Inscription on headstone, Nottingham General Cemetery: ‘In ever loving memory of Lieutenant Percy VC Perry 2/7th Sherwood Foresters, the dearly beloved husband of Hilda Mary Perry and youngest son of GH Perry killed in action at Dublin in the Irish Rebellion April 26th 1916. ‘Thy will be done.’’ Nottingham Evening Post, Monday 1 May 1916: ‘Sherwood Foresters’ Heavy Losses. Four officers killed, fourteen wounded. The latest official list of casualties issued from Dublin includes the names of a number of officers belonging to the Sherwood Foresters who have laid down their lives or been wounded in action in Ireland during the past week. Most of them are members of well-known Nottingham families. Included amongst the killed are Captain FC Dietrichseen [photograph] and Lieutenant Percy LC Perry, both of whom have lived in the city for some years, and were held in the highest esteem by a large circle of friends. Lieutenant Perry, the son of Mr GH Perry, Forest-road, was a partner in the firm of GH Perry and Sons, lace manufacturers, Boulevard Works, Nottingham, and was 32 years of age. He volunteered for service upon the outbreak of war, and received a omission in March of last year. A very sad circumstance is the fact that he was only married barely six weeks ago in Nottingham to Miss Hilda Baxter, well known in local musical circles.' (Source: www.britishnewspaperarchive.co.uk) Nottingham Evening Post – Thursday 18 May 1916: ‘At the Nottingham City Council today letters were read from: Mr GH Perry, Mr GH Perry jun, and Mrs SV Brown [Browne] thanking the Council for the resolutions of sympathy passed with them upon the deaths in Ireland of Lieut. Percy Perry and Lieut. MB Brown [Montague Bernard Browne, SF]. Mrs Brown [Browne] remarked that she was proud to think the Notts. Regiments had done so well for their King and country.’ (Source: www.britishnewspaperarchive.co.uk) Pte. Lawrence Cole, 2/7th Notts & Derby (The Robin Hoods), sent this account of his experiences in the Easter Rising to the local newspaper: “The Robin Hoods have done glorious deeds in the rebellion over here in Ireland. I’m sorry to say we were in the thickest of the fight all the time. It was on Tuesday April 25th that we left Watford for Ireland, though at the time we did not know there was trouble of any kind in the Emerald Isle. We landed on Irish soil about four o’clock on Wednesday morning. After a short stay in _____ Harbour, we were moved on to Dublin, a distance of about six miles. On the way we heard what the trouble was about, and were prepared for lively happenings. Here I must say that the better classes of the population looked after us very well. They simply showered everything imaginable on us, nice things to eat, and plenty of fags, and tobacco to smoke. “We had just reached the outskirts of Dublin when the trouble began. We were marching in fours, when shots were fired from all sides. Instantly we received orders from the officers to split up on both sides of the road, and then the firing began. The rebels had secured possession of a house at the corner of four crossroads and this is where we lost two of our brave officers: Lieutenant Percy Perry of Nottingham, and another while several others were wounded, and about a dozen men killed and wounded. It was here that my poor chum from Bulwell, Pte. P. Jeffs, was killed. I saw him fall but he was dead when I got to his side. “We were powerless with our rifles and, therefore, steadied up until the bombs arrived. I had pity for the poor rebels when we did get at them for we blew the house and everyone in it to atoms with our bombs. “About 200 yards further on, a much bigger battle was fought. The rebels had obtained possession over a canal bridge. It seemed as though they were firing all the rifles in the world, as shots were coming from every window, door and even cracks in the walls. It was terrible, we had to go over the canal bridge in sectional rushes, the first lot to go was an officer and 16 men. Alas only the officer and three men reached the other side. While we were waiting to go over the bridge another company of the Sherwood Foresters had worked themselves over a bridge further down the canal. They at once began to bomb the side of the house. It was terrible to see how our men were falling. “Immediately we got over the bridge the bombers set to work in fine style and it was not long before the house and schools were in full flame. The heat from the flames was awful, and it was freely stated that about 69 of the rebels, who were inside, were burnt alive. “It was about nine o’clock at night when the firing ceased, and we were put into billets for a well-earned rest. We had just got settled down when the sentry rushed in and told us the rebels were on the roof of the house in which we were billeted. We got up off the floor where we were trying to sleep – fully dressed, of course – and got through a trap-door on the roof. Everyone of us expected to be shot as we went through this trap-door as snipers were on the go in all directions. The houses seemed to have been built for the purpose of fighting as anyone could creep from one end of the street to the other on the roods without being seen. “It was hard to find out where the rebels’ shots were coming from, as they used smokeless powder, and we couldn’t tell who were friends, and who were enemies. Even women were firing rifles at us, and dozens of women and children were hit by stray shots. “We were searching the housetops for rebels until about two o’clock on Thursday morning, and then went back to our billets. We stayed there until the South Staffords came at four o’clock to relieve us. We then went to the rear and had a rest after a good hard day’s fighting. In our battalion there were about 220 casualties, though several of the missing have since turned up. “I saw in some of the English newspapers that we used machine guns on the first day, but that is not true as we had none. The Robin Hoods were the first in action, and it was the hand grenade that won the day as we couldn’t touch the rebels in their houses with our rifle fire. We had to blow them out.” For an excellent account of Sherwood Forester involvement in the Easter Rising see 'Blood on the Streets' by Paul O'Brien (Mercier Press, 2008)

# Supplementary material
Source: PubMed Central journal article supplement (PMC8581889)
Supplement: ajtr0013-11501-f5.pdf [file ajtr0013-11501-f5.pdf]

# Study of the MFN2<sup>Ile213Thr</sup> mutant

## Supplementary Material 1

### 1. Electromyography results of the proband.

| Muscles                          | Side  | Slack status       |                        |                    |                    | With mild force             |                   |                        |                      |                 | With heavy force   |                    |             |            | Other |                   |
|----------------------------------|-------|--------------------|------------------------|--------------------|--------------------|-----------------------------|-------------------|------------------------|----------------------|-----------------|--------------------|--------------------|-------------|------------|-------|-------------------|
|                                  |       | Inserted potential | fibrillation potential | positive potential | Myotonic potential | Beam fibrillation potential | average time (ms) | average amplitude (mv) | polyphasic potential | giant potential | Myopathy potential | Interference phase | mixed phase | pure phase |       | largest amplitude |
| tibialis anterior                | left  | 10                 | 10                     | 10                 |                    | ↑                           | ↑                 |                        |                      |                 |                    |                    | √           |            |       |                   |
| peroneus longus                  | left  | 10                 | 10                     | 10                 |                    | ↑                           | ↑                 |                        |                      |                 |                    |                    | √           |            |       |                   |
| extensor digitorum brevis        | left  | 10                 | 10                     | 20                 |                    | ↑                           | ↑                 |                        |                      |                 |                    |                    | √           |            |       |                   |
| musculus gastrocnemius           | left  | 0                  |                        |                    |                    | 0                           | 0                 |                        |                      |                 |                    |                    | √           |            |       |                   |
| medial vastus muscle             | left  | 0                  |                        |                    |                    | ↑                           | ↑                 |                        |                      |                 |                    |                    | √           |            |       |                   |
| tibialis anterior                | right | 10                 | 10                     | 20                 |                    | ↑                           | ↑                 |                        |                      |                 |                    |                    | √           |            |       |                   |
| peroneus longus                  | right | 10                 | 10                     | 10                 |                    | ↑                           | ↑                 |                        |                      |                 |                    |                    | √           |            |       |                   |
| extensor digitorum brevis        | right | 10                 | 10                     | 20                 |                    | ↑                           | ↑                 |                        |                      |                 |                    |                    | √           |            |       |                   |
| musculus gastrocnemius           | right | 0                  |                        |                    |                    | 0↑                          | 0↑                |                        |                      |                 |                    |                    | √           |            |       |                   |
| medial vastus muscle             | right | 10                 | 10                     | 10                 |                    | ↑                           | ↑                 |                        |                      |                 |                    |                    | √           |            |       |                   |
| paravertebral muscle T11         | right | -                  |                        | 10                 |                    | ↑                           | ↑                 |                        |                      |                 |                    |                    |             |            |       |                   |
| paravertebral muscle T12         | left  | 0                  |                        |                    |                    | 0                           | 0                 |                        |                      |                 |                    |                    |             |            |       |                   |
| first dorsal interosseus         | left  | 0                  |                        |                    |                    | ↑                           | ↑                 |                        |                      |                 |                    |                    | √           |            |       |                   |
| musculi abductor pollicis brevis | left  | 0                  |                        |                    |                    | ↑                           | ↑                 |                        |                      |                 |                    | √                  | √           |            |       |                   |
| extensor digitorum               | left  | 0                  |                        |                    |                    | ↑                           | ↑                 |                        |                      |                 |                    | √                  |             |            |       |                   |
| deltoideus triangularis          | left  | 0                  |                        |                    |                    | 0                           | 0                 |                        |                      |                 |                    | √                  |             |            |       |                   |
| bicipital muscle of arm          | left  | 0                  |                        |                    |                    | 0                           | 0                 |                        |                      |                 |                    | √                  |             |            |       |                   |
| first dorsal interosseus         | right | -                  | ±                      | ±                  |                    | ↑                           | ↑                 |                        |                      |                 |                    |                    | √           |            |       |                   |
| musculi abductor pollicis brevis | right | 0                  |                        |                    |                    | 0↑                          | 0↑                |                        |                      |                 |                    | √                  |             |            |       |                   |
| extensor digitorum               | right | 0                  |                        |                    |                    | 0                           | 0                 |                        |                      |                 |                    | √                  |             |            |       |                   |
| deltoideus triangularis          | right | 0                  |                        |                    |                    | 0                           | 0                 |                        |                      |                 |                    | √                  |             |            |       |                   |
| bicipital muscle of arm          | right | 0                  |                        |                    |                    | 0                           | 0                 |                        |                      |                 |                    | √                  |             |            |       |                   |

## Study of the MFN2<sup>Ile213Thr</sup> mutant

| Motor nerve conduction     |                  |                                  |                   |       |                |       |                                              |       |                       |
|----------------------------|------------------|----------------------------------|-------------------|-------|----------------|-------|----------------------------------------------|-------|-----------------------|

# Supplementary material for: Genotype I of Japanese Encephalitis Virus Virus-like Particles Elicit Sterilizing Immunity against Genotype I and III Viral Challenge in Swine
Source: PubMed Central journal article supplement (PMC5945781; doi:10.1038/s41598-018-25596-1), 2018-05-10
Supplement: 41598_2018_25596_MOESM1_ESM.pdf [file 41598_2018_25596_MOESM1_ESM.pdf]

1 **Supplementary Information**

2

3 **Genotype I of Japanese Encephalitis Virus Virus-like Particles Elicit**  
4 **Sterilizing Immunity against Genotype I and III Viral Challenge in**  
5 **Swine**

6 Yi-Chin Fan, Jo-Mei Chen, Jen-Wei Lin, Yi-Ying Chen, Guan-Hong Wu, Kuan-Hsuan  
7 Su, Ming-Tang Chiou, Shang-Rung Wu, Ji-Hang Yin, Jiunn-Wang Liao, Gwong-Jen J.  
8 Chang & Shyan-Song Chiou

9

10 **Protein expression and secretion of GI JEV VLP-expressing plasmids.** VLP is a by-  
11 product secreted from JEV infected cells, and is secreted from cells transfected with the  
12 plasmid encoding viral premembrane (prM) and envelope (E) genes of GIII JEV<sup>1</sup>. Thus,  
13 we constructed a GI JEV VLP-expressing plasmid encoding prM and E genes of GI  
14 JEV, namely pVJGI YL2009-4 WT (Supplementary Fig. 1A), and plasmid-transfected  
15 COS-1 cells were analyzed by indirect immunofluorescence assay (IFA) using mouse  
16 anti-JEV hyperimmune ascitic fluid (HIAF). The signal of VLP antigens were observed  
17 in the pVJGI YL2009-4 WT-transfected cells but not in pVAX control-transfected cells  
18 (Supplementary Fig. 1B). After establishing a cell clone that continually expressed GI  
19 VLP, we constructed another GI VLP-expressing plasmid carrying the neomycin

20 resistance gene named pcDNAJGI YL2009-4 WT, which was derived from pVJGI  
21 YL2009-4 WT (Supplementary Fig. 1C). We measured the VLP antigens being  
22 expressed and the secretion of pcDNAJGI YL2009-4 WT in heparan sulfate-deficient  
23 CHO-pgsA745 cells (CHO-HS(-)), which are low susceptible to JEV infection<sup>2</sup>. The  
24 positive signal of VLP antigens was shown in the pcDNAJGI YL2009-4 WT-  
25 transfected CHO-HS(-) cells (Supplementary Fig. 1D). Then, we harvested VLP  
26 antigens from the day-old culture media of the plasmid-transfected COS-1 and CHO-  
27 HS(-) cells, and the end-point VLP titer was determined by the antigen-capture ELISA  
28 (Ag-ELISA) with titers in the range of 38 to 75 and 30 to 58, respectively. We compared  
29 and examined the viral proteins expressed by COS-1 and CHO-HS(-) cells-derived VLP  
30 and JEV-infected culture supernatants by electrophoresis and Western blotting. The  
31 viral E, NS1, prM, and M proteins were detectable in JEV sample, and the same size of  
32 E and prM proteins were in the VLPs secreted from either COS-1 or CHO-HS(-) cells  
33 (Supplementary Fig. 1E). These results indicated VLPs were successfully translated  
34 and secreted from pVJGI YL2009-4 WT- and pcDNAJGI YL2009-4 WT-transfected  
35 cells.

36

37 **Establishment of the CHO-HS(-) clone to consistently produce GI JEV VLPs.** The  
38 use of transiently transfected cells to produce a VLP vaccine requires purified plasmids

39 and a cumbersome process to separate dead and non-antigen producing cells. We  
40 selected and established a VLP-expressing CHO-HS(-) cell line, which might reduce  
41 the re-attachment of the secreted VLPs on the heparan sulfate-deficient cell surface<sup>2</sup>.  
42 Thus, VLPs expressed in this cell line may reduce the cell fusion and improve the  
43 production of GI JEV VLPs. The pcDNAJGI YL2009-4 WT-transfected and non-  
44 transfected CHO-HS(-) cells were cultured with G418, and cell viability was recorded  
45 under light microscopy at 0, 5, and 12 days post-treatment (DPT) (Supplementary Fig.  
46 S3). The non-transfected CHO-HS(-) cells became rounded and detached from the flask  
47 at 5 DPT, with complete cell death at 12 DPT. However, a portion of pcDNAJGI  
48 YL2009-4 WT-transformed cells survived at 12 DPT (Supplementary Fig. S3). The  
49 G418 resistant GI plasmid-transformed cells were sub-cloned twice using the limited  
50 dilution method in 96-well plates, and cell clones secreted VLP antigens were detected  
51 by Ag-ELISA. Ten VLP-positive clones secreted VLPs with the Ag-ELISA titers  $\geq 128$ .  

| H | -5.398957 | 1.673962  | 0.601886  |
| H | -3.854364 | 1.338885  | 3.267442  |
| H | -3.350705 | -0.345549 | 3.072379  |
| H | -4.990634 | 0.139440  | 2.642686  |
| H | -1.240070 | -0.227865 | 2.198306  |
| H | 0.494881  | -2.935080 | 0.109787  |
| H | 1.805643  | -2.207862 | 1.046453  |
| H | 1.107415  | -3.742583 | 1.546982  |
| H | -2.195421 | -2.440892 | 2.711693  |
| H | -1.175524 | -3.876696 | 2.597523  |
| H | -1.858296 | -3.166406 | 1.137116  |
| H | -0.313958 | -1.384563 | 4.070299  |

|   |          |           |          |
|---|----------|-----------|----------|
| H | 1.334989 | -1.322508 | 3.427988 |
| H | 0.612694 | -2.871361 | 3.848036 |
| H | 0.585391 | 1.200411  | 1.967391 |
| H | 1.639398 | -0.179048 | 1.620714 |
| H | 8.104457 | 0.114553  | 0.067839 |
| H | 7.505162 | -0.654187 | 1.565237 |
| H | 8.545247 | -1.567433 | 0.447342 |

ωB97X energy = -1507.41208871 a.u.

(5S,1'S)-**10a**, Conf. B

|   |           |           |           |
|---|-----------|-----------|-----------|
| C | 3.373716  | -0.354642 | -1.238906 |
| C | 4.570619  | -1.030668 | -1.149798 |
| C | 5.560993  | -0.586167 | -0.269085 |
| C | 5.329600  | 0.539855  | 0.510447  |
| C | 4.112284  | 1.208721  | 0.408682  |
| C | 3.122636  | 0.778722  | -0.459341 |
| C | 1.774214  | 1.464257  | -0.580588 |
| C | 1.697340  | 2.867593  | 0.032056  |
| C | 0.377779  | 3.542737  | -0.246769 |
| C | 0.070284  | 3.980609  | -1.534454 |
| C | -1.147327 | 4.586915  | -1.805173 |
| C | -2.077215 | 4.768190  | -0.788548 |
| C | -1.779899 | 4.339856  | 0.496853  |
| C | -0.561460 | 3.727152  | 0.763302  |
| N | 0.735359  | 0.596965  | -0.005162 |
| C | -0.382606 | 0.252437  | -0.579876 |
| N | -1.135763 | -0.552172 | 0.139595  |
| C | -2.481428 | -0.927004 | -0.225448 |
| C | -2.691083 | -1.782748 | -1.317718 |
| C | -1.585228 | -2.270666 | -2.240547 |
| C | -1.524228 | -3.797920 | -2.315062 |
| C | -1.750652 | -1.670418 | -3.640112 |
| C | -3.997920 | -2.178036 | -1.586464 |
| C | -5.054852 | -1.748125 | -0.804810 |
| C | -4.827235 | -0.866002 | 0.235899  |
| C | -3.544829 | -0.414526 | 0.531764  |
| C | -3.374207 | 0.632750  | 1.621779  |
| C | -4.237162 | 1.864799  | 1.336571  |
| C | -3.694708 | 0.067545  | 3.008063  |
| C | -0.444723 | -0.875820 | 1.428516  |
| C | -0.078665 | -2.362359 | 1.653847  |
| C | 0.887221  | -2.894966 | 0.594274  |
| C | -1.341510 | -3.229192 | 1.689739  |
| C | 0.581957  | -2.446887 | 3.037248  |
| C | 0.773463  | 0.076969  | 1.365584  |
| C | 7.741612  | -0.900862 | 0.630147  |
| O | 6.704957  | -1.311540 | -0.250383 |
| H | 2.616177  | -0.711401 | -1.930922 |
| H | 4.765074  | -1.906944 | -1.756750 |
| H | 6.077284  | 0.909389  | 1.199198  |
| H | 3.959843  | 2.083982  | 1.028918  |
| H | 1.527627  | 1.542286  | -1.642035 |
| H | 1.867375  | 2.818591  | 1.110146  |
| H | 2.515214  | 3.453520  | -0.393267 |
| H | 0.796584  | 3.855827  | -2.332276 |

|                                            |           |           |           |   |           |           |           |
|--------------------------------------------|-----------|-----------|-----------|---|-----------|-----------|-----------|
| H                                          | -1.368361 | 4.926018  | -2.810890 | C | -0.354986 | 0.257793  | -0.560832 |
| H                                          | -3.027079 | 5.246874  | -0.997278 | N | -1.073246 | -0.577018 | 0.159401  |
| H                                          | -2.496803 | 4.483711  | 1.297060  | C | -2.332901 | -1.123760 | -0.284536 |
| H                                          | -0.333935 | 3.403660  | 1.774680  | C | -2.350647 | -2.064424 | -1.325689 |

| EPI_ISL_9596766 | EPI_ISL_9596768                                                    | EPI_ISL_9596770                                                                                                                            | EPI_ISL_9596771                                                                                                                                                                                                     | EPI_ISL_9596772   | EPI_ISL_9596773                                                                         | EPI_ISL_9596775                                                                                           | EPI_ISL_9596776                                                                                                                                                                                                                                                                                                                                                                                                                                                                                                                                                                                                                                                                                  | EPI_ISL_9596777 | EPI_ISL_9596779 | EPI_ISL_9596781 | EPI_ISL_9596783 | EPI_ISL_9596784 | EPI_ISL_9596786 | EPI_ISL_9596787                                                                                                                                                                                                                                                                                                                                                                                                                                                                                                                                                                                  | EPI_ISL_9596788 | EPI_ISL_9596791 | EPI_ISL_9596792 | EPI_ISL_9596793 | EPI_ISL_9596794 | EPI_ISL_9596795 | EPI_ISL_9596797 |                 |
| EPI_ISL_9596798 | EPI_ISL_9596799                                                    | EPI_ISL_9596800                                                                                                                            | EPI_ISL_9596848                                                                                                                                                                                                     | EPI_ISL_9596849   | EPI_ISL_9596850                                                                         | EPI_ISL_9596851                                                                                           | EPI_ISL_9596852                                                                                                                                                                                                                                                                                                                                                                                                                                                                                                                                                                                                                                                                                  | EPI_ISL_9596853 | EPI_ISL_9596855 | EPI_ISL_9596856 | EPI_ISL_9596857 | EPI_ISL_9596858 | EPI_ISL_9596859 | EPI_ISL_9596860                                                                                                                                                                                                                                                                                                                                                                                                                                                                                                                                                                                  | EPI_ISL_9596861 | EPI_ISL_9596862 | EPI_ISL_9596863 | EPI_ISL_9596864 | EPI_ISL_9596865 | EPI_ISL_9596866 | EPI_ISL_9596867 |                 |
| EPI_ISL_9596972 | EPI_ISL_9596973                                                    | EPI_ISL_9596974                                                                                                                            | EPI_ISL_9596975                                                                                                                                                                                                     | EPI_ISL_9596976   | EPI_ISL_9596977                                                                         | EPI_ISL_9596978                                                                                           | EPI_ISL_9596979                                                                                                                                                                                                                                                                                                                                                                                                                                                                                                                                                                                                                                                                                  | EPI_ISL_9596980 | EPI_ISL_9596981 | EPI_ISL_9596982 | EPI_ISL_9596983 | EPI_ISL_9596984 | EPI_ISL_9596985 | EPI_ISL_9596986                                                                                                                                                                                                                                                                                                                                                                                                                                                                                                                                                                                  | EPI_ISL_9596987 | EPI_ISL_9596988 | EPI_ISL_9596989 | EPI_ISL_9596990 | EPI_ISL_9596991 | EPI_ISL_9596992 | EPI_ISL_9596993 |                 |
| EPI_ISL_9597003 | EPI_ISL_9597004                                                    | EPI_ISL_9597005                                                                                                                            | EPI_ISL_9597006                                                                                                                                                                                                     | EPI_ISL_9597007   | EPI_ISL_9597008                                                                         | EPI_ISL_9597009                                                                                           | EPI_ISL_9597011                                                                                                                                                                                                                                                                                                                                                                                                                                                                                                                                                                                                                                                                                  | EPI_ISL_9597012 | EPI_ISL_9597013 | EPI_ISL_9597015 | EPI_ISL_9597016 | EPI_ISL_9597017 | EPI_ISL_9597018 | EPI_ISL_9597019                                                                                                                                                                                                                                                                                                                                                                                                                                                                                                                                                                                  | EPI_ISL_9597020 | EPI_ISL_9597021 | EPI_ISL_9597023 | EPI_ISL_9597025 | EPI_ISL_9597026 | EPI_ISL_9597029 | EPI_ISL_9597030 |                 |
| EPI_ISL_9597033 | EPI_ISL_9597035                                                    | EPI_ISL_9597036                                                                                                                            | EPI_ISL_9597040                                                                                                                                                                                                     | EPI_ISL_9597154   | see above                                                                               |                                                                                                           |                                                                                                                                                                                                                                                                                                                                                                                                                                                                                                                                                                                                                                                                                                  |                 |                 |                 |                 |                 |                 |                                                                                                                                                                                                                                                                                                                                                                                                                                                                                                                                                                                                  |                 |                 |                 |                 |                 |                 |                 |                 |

Remembered on

Photos

  • The family grave of the Perry family commemorating the death of Percy Vivian Claude Perry in the Nottingham General Cemetery, courtesy of Peter Gillings
    Percy Vivian Claude Perry - The family grave of the Perry family commemorating the death of Percy Vivian Claude Perry in the Nottingham General Cemetery, courtesy of Peter Gillings
  • The family grave of the Perry family commemorating the death of Percy Vivian Claude Perry in the Nottingham General Cemetery, courtesy of Peter Gillings
    Percy Vivian Claude Perry - The family grave of the Perry family commemorating the death of Percy Vivian Claude Perry in the Nottingham General Cemetery, courtesy of Peter Gillings